Francis also joined up with them there after a summer in Boston. Lizzie hired a British girl to act as Frank Jr.’s nanny and they got to work.
|Portrait of Elizabeth Boott Duveneck by Frank Duveneck|
Cincinnati Art Museum
March days that year were full of snow; winter had rarely seemed so severe. On the Sunday the Salon jury voted in both her watercolor and Frank’s painting of her, Lizzie came down with a chill. Soon it was pneumonia and four days later, she died - on the anniversary of her wedding day, in the very room where she had been married two years before.
In a time-honored practice at the moment of death, Louis Ritter sat by Lizzie’s bedside and and carefully and sensitively drew her portrait. This precious drawing is now in the collection of the Cincinnati Art Museum. When we saw it in person recently, it was like being taken back to that room at that time.
|Post-Mortem Portrait of Elizabeth Boott Duveneck by Louis Ritter|
Cincinnati Art Museum
The next day Lizzie’s body was taken to a temporary resting place and, as she had requested, would be taken back to Florence in May to rest in that "beautiful country of flowers she so dearly loved" at the Allori Cemetery.
|Allori Cemetery, Florence, Italy|
At that point a cable arrived from Lizzie’s uncle and aunt, Mr. and Mrs. Arthur Lyman in Boston, inviting them to bring Frankie to become a member of their family. So they sadly packed up Villa Castellani and returned to America.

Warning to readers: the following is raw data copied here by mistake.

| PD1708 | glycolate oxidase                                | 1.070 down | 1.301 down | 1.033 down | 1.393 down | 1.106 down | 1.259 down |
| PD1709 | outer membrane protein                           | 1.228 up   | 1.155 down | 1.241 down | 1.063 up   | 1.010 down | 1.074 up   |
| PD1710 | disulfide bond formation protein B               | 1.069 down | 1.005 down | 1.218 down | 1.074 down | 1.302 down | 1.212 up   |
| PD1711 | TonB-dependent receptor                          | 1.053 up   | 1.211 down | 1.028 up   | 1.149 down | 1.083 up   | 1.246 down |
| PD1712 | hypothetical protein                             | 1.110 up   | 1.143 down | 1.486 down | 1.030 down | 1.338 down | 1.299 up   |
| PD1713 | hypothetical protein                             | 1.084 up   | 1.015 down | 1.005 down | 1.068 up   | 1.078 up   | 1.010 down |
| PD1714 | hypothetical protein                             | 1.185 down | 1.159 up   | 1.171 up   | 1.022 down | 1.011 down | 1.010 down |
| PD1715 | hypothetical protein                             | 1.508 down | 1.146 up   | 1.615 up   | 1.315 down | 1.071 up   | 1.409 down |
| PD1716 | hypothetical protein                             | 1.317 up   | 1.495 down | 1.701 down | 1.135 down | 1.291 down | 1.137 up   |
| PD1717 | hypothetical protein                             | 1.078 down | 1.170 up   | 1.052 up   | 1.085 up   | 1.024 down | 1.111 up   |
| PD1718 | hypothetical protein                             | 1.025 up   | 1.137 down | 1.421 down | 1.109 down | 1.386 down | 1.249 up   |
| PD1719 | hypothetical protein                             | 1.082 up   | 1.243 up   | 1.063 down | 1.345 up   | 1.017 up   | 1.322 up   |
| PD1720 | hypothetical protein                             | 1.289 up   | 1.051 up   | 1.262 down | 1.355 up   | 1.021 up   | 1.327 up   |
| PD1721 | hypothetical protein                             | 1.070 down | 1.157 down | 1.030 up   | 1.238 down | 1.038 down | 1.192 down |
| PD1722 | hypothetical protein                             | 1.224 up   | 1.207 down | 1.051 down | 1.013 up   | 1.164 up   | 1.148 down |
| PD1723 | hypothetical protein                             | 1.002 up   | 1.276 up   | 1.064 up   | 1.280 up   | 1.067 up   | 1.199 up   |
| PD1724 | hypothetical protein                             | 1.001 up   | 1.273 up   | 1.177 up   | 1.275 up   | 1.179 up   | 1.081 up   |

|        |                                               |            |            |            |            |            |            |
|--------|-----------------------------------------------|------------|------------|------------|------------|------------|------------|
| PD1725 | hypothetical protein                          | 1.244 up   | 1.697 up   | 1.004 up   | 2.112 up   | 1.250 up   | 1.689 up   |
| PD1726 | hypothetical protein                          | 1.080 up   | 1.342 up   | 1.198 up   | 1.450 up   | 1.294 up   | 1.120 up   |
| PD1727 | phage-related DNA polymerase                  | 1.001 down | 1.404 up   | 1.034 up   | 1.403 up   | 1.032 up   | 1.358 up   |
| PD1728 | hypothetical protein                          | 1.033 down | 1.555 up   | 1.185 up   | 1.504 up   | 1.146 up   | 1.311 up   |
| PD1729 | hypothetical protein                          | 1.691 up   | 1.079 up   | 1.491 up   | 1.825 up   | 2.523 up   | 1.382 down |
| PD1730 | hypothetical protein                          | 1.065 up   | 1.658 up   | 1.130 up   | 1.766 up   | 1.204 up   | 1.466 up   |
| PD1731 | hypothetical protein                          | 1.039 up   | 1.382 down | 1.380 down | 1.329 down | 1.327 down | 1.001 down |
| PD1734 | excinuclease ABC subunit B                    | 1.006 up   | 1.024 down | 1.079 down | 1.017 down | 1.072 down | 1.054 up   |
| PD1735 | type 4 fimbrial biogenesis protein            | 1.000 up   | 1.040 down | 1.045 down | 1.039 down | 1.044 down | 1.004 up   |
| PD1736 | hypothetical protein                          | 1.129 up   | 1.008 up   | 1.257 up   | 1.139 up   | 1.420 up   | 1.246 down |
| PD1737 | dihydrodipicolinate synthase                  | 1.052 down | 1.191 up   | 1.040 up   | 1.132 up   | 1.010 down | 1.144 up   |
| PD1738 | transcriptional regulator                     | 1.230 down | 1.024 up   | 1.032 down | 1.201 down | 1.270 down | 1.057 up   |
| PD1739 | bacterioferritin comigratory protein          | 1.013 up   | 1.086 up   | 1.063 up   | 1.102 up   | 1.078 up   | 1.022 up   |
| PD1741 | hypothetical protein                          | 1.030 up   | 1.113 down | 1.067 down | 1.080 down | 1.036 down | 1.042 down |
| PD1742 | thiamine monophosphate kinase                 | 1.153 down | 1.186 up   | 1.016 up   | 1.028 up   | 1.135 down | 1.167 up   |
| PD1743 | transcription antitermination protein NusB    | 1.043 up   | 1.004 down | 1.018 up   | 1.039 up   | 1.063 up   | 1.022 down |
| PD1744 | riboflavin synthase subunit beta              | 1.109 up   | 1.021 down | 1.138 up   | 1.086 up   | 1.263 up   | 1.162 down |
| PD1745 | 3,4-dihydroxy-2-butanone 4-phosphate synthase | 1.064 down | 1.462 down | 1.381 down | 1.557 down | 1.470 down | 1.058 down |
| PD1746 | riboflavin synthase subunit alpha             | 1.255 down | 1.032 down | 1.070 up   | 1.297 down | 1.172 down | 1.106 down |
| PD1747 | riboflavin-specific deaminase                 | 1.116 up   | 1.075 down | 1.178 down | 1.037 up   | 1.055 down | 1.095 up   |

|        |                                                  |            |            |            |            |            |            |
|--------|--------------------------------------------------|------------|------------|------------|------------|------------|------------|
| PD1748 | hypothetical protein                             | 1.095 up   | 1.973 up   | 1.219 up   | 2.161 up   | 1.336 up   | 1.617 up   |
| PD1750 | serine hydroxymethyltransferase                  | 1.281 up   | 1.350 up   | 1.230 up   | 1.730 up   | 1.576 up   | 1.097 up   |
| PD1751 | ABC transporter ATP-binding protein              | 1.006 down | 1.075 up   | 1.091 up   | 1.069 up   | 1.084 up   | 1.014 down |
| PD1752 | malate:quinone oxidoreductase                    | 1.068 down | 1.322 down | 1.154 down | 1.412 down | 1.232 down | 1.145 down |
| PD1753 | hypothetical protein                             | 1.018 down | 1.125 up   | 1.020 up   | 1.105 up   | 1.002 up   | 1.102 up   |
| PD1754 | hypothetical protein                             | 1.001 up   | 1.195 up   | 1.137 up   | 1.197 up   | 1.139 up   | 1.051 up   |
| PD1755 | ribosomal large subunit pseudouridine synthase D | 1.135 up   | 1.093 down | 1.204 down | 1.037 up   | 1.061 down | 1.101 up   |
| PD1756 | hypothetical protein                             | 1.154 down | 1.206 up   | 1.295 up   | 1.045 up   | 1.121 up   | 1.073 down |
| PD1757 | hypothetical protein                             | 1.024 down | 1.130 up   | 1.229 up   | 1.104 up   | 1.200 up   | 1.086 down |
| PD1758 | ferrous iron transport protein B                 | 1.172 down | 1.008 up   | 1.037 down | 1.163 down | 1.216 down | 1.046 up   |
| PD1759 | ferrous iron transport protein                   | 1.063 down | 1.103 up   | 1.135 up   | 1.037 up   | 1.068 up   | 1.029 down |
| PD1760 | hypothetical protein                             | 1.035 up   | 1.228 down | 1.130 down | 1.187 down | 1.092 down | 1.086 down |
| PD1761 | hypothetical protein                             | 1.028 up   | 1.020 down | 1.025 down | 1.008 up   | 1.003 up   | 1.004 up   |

|Frank and His Son in Happier Times|
The Lymans liked Duveneck and thought it unselfish of him to part with the baby. Though his decision caused him great sadness, he believed it was the right thing to do for his child.” He visited him every Christmas and spring vacation, and journeyed to Boston to see the boy in the summers, which he spent in and around the area, with visits extending over several weeks or even months. Later they travelled together in Europe. But Frankie never saw his father’s home in Covington nor his grandmother nor other Kentucky relatives until he was a young man and his grandfather had died. He only really knew his mother’s side of the family...especially since every time Frank would visit he would speak fondly of Lizzie. He shared the stories of their life together and recounted them over and over again with pride, satisfaction and humor.
|The Duveneck House in Covington, Kentucky|
Frank’s idea took the form of a bronze effigy of Lizzie to place on her tomb in Florence. This was a remarkable choice since he was not a sculptor - but then Frank Duveneck was a remarkable artist. He sought out advice from prominent sculptor Augustus Saint-Gaudens and also had the help of his Cincinnati sculptor friend Clement Barnhorn. The clay model was completed around 1889 and from that a plaster model was made - the very one that is displayed to this day at the Cincinnati Art Museum. From that the bronze was cast and set up early in 1891 on her grave.
|Bronze Effigy at the Allori Cemetery, Florence|
|Lizzie's Marble Effigy at the Museum of Fine Arts, Boston|
|Lizzie's Bronze and Gilt Effigy at the Met|
Was it not the perfect tribute to Lizzie?
She who loved art
was made into a work of art,
her loving face recalled in clay, plaster, bronze and marble by a man who had loved her deeply
a face upon which her beloved little boy gazed fondly as the years passed -
a face that her beloved father would remember her by -
Their own dear Lizzie...
(This series of blogs are the script for my talk, "Dear Lizzie" at the Greenacres Foundation, Oct. 19, 2013.)